By Alyssa F. Wright
Scarcity mindset. Whatever does that even mean? Where do we see it in our work to fund and fuel the women’s rights movement? Here’s a story to get us started.
I met Sarah* a few weeks ago. She is the Executive Director of a growing feminist theatre program in Brooklyn, NY. That’s really cool, right? I think so. Especially because now, more than ever, we need dynamic and powerful storytellers, given our current socio-political climate. Truth tellers everywhere are gravitating to the stage and screen to make their voices heard. Then, they are mapping strategies to create change both within the grassroots and at the policy level. Sarah is doing just that. She has a clear vision, powerful community behind her and proof of concept, having just secured a critical partnership with an advocacy group in New York City. So, where is the big money to help her scale?
I asked Sarah exactly that, since her project immediately make me think of about a dozen funders who would LOVE the impact her work is having for young girls. Turns out, Sarah knows a few of them too and one of these funders, is already giving to her work. Brilliant, right?! Sarah and I took to the donor sheets together. After a quick glance of this female funder’s giving history, I turned to Sarah. “Why don’t we see if she would like to deepen her commitment this year. She did $15,000 last year, so could we present the opportunity to gift $25,000 and have more impact by the end of 2017?”
Sarah immediately turns red. “I don’t think so.” She sputters. I quickly sputter back, “Well, why? She seems like a perfect match for what you’re doing and gave so easily and happily last year.”
Sarah begins to explain. As she does so, she tears up a little.
Sarah’s used to running the organization on thousands less than she should, often taking pay cuts on her own salary and bartering for theatre supplies with vendors that turn out sub-par at best. “I told her I only needed $15,000 last year to pay for the ensemble’s travel to five locations but I actually should have asked for $20,000. I thought I could cut costs a bit, once we were on the road, but I couldn’t and, we only made it to three locations on the tour. I really don’t want to ask her for another gift, because well, I feel like it didn’t have the impact I sold her on in the beginning. And, I feel really horrible about it.”
I look down at the sheet and back at Sarah, letting out a slow exhale. “Why didn’t you just ask her to give $20,000 when that was what you knew it would cost?”
More sputtering. “I don’t know. I’m just used to doing everything on a shoestring and $15,000 seemed like such a large gift at the time and I thought, I better not push it and now, well, I’m realizing I wasn’t honest, but I had two other calls to be on that day and…”
Sarah rambles on for about 10 more minutes as I sit across from her. Rabidly rambling. Rambling through all the reasons why in her mind, she couldn’t imagine a $15,000 check at that time, why she was so used to operating on a shoestring and why she felt she couldn’t face this donor, who put so much trust in her a year ago.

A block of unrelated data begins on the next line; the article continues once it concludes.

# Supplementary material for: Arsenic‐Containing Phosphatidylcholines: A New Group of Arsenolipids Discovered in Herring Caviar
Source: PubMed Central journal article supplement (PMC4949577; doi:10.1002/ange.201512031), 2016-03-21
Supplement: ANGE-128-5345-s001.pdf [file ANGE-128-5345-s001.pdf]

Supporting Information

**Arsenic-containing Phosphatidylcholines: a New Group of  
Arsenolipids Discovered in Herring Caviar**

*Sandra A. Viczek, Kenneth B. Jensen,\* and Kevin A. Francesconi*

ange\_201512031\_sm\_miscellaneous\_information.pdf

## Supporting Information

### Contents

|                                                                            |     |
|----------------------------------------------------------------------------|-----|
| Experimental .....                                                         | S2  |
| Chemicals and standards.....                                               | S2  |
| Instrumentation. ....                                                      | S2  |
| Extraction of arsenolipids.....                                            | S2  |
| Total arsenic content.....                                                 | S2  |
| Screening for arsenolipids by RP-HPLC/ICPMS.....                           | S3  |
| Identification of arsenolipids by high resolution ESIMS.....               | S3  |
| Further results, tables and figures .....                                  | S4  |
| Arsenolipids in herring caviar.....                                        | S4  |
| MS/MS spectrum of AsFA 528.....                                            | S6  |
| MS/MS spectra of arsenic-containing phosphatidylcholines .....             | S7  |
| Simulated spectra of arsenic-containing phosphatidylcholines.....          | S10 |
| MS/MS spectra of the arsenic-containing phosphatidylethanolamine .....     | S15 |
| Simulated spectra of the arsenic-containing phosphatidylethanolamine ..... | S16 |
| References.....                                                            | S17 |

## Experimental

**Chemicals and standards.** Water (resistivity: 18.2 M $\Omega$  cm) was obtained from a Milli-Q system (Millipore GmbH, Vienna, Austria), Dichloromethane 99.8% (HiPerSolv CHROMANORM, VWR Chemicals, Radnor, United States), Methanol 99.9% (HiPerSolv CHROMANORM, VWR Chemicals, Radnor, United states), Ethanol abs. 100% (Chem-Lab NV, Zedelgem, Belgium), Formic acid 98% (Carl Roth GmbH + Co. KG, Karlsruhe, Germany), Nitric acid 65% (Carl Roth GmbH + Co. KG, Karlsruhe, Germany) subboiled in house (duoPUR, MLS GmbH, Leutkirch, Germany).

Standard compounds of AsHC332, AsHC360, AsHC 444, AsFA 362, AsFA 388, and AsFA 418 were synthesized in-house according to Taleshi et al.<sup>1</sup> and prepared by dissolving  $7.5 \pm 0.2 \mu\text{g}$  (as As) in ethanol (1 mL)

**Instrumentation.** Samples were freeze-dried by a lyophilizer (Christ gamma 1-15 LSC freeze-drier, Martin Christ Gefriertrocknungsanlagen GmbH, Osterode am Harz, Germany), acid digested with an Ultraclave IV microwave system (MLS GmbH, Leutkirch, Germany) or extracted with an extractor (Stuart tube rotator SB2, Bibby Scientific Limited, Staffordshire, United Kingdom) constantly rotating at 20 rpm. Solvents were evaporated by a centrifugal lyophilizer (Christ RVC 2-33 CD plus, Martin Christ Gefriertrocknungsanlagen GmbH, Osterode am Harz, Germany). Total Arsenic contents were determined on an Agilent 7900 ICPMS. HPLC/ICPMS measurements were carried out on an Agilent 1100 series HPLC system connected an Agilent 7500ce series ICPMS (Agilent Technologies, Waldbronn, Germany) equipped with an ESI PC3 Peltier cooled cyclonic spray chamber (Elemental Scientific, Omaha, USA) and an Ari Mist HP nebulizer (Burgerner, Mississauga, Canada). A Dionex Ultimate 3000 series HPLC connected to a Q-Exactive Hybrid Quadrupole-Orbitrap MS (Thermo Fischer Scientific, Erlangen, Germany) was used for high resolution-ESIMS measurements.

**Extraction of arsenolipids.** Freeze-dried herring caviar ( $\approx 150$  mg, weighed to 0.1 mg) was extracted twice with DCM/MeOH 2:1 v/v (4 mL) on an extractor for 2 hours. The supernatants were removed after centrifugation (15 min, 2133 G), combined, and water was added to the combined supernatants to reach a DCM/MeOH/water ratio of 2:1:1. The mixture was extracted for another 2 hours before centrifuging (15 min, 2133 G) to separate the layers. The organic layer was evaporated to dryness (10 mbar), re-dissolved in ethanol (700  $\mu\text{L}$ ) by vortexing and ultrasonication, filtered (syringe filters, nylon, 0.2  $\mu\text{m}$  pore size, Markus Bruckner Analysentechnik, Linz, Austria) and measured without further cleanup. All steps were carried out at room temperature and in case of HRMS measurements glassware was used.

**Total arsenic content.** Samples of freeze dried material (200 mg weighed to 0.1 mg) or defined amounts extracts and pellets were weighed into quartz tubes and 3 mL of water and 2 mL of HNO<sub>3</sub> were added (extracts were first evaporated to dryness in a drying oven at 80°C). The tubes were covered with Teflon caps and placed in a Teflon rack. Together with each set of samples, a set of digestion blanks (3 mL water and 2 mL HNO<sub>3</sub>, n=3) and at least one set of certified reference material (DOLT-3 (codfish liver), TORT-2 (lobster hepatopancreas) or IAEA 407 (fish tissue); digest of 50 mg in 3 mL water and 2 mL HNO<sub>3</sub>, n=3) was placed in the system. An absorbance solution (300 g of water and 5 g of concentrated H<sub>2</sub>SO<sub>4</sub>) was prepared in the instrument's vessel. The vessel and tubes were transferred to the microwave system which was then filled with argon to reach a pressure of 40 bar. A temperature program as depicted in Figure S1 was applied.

I’ll tell you, Sarah’s poor judgment isn’t uncommon in the fundraising world. Donors tells me all the time, “I wish they just told me what they needed to be successful! Instead, I’ve seen my gifts often have half the impact I thought they would. Then, I’m unclear as to what the programs actually cost and before you know it, my trust in the individual and the organization is called into question.”
So, what do we learn from Sarah’s story, my Fierce Feminist Fundraisers?
When we have thoughts to feelings of scarcity, we will almost immediately orient our minds towards unfulfilled wants and needs. Furthermore, our scarcity can lead to lapses in self-control, draining our cognitive resources and putting us in a place, like Sarah, of having poor judgment with donors. So, don’t let your willpower be depleted. Don’t feel like giving up. Fundraising is hard and so when someone says “I’m all in!” Tell them exactly what that looks like and exactly what that costs. Don’t’ get overwhelmed in the moment. Think long term with each funder as best you can. Sarah might not have the chance for a second gift with this donor and that is sad for her organization’s future, for the funder who loves her work and for the lives she is changing.
That said, recognize scarcity mindset.
If you begin to think, “I can just try and do the program for this amount” OR “there aren’t enough resources so I’ll just present this idea instead…. STOP YOURSELF.
Reframe and say OUT LOUD, so your Fierce and Fabulous brain can process it fully:
“There are enough resources out there. I can ask for what I need. I need to carry a long term vision for this work.”
Feel better? Good. Now, let’s go back out there and fiercely raise some big money for women’s rights!
When a person attached to an organizations, whether donor, board member or staff, has thoughts and feelings of scarcity, it almost immediately orients their mind towards unfulfilled wants and needs. Furthermore, scarcity often leads to lapses in self-control while draining the cognitive resources needed to maximize opportunity and display judgment. Willpower is depleted, which makes one feel like giving up. Organizational leaders in this state focus on urgent needs only and neglect important choices that will have a drastic effect on the future of their mission.